What is the risk of fruit flies to human health?
Commonly, fruit flies invade foods that have quality problems, such as bruises, rotting, or parts that have been damaged by fungi or bacteria.
Have you ever been about to take a fruit at the supermarket and suddenly you see a little fly flying from its peel? People, commonly, have a natural aversion to these insects, so the most recurrent reaction would be to leave the fruit and choose one that has not been "contaminated" by the fly. Does this make any sense?
Miguel Ángel Martínez Téllez, an academic from the Coordination of Plant-Based Food Technology at the Center for Research in Food and Development (CIAD), explains the real risks of consuming a fruit that has been in contact with the famous "fruit fly".
The scientific name of the insect in question is Drosophila melanogaster, which feeds on fruits in the process of fermentation, and is different from the fly that commonly invades domestic kitchens, which is larger and darker, whose scientific name is Musca domestica.
Although it is more common to see the fruit fly flying over these foods in supermarkets, this bug is also found in crops, and if it happens that the insect deposits its eggs in the peel of a fruit, they will hatch at some point in the marketing chain, i.e., in warehouses, supermarkets or even in consumers' homes.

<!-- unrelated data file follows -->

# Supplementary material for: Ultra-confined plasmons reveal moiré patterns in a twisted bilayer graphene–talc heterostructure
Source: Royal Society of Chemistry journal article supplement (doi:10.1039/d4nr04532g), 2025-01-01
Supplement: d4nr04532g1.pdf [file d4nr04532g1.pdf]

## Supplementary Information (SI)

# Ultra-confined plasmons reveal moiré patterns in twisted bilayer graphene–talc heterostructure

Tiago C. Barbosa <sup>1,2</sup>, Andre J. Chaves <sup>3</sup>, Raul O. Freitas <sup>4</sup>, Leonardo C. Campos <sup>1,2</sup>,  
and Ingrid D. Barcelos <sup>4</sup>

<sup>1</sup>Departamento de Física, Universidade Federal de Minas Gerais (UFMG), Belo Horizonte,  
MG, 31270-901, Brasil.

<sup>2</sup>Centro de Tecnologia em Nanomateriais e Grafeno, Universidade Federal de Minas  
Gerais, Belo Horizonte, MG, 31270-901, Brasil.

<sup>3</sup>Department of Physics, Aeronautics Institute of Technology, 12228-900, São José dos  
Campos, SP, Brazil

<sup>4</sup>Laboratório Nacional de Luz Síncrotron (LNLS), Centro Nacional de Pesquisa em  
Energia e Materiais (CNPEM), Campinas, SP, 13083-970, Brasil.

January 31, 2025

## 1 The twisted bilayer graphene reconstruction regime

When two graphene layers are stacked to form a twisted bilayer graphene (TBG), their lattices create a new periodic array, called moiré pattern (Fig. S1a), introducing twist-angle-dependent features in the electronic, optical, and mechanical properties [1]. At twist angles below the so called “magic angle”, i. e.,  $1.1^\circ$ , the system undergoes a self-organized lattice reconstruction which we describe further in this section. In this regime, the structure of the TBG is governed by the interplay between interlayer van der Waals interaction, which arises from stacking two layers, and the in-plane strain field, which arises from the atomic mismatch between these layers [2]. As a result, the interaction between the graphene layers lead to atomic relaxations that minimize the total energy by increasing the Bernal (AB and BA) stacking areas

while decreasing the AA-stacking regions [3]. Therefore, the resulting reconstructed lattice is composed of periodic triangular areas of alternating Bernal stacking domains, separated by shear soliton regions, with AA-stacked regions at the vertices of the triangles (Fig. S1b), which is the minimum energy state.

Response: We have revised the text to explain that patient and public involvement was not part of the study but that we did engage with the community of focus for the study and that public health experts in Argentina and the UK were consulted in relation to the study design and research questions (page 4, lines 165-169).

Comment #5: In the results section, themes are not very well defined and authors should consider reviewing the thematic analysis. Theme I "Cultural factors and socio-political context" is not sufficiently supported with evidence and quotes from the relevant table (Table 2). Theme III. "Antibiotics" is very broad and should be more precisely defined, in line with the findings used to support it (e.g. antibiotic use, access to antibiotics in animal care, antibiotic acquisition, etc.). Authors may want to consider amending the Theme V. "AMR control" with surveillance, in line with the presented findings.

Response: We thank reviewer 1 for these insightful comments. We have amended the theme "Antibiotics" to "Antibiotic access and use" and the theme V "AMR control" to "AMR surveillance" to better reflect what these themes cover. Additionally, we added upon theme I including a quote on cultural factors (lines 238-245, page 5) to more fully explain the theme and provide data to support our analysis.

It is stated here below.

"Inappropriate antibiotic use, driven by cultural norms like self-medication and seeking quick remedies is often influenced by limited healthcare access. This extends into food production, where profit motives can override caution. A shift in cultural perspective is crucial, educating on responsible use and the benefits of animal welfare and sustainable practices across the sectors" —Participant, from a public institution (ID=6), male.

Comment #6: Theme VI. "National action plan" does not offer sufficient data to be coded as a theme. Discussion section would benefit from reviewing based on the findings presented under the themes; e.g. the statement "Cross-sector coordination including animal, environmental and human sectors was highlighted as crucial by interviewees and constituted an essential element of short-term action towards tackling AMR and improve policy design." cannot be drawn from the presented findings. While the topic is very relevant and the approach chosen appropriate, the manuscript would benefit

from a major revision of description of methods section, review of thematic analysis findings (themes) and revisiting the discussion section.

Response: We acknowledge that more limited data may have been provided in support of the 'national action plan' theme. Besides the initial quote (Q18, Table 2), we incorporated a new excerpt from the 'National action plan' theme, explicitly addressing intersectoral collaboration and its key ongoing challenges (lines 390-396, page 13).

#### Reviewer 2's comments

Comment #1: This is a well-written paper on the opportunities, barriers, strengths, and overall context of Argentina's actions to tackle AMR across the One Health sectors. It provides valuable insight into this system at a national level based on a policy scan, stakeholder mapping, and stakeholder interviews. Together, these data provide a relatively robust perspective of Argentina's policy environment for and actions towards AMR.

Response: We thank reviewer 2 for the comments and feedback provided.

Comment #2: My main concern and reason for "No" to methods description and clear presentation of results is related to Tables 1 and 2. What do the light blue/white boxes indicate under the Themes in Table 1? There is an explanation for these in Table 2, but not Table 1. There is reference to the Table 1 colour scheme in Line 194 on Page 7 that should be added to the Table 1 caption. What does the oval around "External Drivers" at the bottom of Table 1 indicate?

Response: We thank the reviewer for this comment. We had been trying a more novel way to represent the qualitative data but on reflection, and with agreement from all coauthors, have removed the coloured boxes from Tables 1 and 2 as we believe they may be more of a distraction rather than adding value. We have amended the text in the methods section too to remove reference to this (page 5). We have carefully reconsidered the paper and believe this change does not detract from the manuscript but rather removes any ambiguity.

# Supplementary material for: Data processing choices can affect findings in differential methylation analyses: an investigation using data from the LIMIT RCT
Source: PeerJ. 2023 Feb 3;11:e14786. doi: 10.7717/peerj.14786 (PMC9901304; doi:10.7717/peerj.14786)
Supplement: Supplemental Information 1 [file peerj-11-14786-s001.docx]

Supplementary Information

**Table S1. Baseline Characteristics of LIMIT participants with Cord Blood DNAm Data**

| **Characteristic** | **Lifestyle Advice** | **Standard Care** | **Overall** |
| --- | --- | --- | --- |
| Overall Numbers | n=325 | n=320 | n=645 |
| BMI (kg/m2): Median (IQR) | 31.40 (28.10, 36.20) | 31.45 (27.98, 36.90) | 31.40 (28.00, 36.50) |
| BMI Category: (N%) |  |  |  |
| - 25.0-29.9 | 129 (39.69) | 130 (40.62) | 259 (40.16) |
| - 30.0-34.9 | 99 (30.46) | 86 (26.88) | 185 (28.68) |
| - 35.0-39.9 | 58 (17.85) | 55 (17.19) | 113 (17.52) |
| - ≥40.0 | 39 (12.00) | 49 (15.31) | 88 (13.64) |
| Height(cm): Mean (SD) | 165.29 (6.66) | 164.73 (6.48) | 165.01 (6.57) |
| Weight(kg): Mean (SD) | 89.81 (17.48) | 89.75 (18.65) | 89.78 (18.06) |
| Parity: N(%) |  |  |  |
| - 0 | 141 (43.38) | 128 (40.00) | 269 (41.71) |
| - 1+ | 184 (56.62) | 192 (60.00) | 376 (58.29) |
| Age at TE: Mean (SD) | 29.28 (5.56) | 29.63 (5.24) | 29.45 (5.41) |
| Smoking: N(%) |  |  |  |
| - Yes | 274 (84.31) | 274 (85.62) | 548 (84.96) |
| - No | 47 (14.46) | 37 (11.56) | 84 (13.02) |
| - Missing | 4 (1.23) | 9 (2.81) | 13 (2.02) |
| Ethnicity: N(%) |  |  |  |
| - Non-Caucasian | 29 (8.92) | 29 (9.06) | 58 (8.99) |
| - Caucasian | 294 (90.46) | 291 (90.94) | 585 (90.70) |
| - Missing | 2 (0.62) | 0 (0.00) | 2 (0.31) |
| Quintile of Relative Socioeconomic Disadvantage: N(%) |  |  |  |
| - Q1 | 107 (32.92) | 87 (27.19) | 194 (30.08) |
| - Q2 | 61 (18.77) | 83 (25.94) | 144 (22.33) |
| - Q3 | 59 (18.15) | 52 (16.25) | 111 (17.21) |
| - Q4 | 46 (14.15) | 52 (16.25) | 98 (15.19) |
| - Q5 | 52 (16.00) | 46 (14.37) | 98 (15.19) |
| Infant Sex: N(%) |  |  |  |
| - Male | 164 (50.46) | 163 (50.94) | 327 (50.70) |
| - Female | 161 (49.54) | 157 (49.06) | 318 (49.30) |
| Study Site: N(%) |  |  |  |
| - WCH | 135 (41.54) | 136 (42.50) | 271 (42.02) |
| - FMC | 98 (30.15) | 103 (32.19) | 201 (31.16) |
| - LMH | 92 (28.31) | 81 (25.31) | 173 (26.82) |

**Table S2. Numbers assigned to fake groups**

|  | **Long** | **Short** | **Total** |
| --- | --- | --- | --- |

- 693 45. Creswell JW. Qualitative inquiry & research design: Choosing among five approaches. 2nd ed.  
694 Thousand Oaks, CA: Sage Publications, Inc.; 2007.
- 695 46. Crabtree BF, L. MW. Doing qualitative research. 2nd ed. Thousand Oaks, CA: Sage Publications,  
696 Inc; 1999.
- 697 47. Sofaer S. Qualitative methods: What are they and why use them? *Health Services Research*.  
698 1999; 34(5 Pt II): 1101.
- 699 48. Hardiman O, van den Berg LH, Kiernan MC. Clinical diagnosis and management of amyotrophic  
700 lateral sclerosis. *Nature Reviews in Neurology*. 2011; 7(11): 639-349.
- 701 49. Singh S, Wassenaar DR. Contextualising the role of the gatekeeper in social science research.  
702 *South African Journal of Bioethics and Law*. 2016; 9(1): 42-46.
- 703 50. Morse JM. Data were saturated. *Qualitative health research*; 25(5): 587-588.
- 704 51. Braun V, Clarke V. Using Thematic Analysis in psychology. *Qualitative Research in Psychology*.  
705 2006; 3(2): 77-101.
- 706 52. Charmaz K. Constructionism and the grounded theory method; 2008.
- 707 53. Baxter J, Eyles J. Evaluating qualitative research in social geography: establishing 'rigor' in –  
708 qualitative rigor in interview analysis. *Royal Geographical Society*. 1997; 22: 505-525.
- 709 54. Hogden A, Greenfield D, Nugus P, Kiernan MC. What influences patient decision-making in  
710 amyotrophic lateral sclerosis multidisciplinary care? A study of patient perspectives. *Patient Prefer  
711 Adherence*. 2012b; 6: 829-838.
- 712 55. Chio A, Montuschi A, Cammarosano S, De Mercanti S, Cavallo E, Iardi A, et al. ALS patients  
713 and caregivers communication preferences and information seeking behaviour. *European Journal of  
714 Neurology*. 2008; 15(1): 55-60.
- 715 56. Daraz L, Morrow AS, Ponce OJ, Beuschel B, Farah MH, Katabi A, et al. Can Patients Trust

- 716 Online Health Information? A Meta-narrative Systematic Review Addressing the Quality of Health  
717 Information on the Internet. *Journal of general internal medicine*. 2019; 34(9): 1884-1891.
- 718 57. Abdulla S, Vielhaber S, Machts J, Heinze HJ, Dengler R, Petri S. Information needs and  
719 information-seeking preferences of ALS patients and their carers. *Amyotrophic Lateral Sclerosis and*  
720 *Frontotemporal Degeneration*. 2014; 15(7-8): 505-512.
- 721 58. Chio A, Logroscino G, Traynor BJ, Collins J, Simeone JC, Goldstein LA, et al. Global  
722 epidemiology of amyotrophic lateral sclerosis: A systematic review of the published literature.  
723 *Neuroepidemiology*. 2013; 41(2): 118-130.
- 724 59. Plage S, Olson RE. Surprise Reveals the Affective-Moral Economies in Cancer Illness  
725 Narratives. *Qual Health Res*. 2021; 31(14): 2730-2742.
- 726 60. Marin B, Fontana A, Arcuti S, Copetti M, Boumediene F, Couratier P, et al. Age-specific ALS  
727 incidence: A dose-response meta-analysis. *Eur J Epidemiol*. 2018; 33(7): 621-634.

It is common for fruit flies to invade foods that have quality problems, such as bruises, rotting or parts that have been damaged by fungi or bacteria.
Even though there is no scientific evidence that fruit flies or their eggs affect human health through consumption, he pointed out that their presence in the different stages of the commercialization chain is synonymous with sanitary control deficiencies that need to be resolved, since a quality problem (appearance of the fruit) can become a safety issue (potential to affect human health),
In the case of the house fly, the most common insect in our homes, there is evidence that its contact with our food can be a vehicle for transmitting diseases such as cholera, dysentery or salmonellosis, among others, since its legs can carry pathogens whose presence is common in fecal matter and rotting garbage.